“Something like that,” Aunn said, “but there was more to it.” He paused, biting his lip.

“What?” Gaven asked.

Aundair’s internal politics were a mystery to him, for all that he’d been caught up in them since leaving Dreadhold in Haldren’s company. But opposition to the Treaty of Thronehold was something that Nara and Haldren evidently had in common.

“Well, first of all it’s not entirely clear that Aurala has ever been interested in peace, except a peace that results from her sitting on the throne of a reunited Galifar. So it’s possible that she replaced Nara purely for show, to convince the other nations that she was serious about the treaty-serious enough to remove her most trusted advisor.”

“What has Nara been doing since the end of the war, then?” Ashara asked.

“To all appearances, she’s been in seclusion-I think in Wyr, by the Eldeen Border.”

“But you think she’s been working for the queen in secret all this time?” Ashara said.

Aunn scowled. “Actually, the thought hadn’t occurred to me. But it’s possible. Perhaps they’ve spent three years plotting the next stage of the war. But that would mean…”

“That all of this goes back to the queen,” Gaven said. “The barbarians invading the Reaches, the Dragon Forge, my dragonmark. What about Haldren? Were Kelas and Nara behind all that as well?”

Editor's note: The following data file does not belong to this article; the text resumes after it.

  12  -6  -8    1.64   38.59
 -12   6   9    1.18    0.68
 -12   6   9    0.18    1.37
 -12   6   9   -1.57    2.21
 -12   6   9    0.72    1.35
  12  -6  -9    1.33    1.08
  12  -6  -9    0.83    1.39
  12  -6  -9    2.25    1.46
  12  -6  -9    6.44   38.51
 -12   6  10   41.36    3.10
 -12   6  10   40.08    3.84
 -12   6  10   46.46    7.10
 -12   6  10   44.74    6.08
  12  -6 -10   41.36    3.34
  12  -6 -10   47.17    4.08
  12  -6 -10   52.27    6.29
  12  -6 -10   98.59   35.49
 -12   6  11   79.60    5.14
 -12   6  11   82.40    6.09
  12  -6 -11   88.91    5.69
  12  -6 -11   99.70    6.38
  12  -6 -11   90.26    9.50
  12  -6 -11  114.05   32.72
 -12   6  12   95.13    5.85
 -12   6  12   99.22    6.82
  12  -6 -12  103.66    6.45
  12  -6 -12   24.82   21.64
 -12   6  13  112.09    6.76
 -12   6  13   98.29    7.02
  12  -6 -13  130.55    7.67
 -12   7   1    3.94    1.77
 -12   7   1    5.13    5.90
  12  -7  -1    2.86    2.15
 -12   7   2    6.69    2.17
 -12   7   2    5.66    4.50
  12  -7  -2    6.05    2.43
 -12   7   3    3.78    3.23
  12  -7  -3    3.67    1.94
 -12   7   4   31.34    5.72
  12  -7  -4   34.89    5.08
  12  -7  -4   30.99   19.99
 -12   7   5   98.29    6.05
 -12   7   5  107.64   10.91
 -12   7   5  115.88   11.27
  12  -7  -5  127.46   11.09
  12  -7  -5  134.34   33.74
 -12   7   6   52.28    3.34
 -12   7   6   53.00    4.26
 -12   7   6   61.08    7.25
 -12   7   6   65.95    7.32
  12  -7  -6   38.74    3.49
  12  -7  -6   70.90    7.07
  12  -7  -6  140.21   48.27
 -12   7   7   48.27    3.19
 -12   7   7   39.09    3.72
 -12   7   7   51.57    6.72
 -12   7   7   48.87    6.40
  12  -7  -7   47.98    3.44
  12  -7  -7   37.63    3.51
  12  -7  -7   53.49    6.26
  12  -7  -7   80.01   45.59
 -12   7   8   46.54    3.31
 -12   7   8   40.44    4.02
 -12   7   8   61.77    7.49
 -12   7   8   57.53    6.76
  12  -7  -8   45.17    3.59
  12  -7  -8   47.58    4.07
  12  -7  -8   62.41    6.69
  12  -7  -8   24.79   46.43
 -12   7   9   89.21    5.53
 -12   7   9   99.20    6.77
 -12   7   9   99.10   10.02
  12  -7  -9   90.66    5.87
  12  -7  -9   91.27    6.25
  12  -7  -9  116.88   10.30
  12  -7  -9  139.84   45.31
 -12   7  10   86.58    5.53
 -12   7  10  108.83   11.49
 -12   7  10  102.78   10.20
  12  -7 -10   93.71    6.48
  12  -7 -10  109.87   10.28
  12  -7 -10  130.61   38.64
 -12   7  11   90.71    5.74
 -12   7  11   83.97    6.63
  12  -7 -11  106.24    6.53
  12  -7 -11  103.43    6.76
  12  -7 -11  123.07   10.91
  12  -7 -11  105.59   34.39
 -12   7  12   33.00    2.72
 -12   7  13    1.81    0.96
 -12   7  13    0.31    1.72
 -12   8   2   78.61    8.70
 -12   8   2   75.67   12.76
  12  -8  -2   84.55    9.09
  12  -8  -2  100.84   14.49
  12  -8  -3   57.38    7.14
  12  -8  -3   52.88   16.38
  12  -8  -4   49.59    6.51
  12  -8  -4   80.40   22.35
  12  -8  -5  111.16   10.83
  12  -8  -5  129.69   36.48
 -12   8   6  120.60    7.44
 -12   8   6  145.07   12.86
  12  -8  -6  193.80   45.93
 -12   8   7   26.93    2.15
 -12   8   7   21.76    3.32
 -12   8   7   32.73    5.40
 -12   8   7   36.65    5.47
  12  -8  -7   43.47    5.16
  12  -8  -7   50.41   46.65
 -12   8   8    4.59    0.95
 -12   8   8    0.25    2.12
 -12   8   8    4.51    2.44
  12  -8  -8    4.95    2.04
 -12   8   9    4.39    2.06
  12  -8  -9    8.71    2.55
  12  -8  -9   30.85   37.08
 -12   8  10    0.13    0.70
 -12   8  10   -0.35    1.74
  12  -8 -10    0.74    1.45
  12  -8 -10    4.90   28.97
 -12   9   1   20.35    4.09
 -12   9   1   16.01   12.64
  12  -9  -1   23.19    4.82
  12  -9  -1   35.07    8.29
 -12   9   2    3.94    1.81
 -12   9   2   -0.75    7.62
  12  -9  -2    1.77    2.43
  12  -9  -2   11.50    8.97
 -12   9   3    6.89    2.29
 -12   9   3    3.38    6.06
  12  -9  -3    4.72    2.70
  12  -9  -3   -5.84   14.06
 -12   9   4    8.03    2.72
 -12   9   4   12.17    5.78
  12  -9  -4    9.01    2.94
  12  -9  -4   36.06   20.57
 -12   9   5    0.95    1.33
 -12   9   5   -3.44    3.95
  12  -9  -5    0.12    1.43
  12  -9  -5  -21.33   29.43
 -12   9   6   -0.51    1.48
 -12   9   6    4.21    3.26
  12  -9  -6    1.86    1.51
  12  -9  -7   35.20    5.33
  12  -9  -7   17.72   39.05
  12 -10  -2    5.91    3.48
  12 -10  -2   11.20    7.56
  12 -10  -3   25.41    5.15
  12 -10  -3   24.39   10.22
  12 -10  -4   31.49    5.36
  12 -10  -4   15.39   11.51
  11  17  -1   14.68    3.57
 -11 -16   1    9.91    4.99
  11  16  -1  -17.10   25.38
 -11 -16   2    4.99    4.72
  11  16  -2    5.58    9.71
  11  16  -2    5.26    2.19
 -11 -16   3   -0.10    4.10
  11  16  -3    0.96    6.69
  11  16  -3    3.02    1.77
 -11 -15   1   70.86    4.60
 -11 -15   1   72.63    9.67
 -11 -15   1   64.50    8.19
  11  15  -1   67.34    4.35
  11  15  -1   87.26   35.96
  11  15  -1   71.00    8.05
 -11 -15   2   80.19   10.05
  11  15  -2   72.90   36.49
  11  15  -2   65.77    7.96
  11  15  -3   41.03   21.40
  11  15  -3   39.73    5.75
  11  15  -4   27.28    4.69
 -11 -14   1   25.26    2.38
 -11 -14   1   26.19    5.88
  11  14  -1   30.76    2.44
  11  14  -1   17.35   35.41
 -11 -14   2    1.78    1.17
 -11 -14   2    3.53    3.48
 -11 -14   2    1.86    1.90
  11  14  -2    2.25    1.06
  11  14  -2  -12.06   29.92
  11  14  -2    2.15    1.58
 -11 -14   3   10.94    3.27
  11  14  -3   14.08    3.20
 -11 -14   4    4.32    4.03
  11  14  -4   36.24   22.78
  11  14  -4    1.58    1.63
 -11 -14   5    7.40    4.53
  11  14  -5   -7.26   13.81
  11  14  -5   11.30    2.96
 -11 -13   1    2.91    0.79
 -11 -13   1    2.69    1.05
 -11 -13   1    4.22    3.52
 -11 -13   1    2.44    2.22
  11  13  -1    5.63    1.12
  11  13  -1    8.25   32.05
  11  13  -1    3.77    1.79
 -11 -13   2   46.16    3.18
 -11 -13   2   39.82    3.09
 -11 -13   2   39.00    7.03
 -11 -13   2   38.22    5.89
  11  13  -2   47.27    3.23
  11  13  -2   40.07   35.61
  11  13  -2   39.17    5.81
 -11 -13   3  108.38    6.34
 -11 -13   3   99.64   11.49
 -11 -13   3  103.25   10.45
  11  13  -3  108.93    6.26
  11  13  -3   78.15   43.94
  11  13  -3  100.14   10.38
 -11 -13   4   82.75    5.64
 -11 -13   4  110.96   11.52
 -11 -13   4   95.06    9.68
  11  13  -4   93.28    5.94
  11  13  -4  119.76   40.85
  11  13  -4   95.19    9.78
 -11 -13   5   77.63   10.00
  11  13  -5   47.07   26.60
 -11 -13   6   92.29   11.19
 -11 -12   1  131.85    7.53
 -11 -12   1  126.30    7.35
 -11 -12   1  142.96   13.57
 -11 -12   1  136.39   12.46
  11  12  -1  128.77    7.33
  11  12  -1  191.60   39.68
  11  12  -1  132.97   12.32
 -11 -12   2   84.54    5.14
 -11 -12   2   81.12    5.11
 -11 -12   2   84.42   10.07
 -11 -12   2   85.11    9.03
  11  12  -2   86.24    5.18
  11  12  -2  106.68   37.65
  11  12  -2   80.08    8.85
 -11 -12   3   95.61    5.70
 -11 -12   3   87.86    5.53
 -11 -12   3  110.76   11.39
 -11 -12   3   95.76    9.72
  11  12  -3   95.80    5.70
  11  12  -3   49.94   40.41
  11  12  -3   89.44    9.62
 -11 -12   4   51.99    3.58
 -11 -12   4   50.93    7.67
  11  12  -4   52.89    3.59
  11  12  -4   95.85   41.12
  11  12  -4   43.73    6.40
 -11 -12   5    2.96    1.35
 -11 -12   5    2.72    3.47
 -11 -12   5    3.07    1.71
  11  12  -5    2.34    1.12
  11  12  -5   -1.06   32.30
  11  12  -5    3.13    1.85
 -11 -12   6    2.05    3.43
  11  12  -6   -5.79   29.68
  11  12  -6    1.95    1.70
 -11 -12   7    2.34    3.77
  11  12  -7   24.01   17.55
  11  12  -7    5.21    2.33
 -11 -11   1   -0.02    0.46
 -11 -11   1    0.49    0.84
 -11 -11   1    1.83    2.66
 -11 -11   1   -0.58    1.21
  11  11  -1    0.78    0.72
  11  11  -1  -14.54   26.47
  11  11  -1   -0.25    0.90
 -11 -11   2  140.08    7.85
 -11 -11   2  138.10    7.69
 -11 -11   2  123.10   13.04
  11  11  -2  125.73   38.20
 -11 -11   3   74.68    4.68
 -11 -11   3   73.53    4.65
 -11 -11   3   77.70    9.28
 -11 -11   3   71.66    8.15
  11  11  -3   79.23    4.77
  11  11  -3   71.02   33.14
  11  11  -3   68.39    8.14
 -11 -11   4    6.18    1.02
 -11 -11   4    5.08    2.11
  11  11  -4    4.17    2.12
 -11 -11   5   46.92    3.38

“Indirectly,” Aunn said. “But that would also mean that Aurala is planning her own assassination, or planning to stage an attempt on her life at least. Because that’s what Kelas thought he was doing.”

“Ending a thousand years of Wynarn rule over Aundair,” Cart said. “At least, that’s what he told Haldren.”

“Kelas might have lied,” Ashara said. “Or Nara might have lied to Kelas. Think about it. Poor Aurala-she has rogue generals starting hostilities in Thaliost, barbarians threatening her western border, and insurgents plotting against her. Naturally, she has to take drastic measures to secure her throne-destroying Varna, invading the Reaches, taking control of House Cannith and Arcanix. What’s next? Some kind of assault on her own people under the guise of putting down a rebellion?”

Aunn shook his head. “I got the sense that Kelas knew everything Nara does, or just about.”

“Which puts you in a difficult spot,” Gaven said, “as long as you’re wearing his face.”

“I’ve survived worse.”

Gaven looked at Aunn and scratched his chin. What did he actually know about the changeling? He was a Royal Eye-deception and intrigue were his life’s work. He had been sandy-haired Darraun, a whispering dwarf opening Gaven’s manacles, tall and proud Aunn, and now Kelas, the mastermind behind the Dragon Forge. Gaven had never seen his real face, and he wondered if he would ever know the real man. Aunn lived in a world Gaven could barely imagine, and he seemed perfectly at home in all this discussion of conspiracies and betrayal.

“What did she say?” Ashara asked.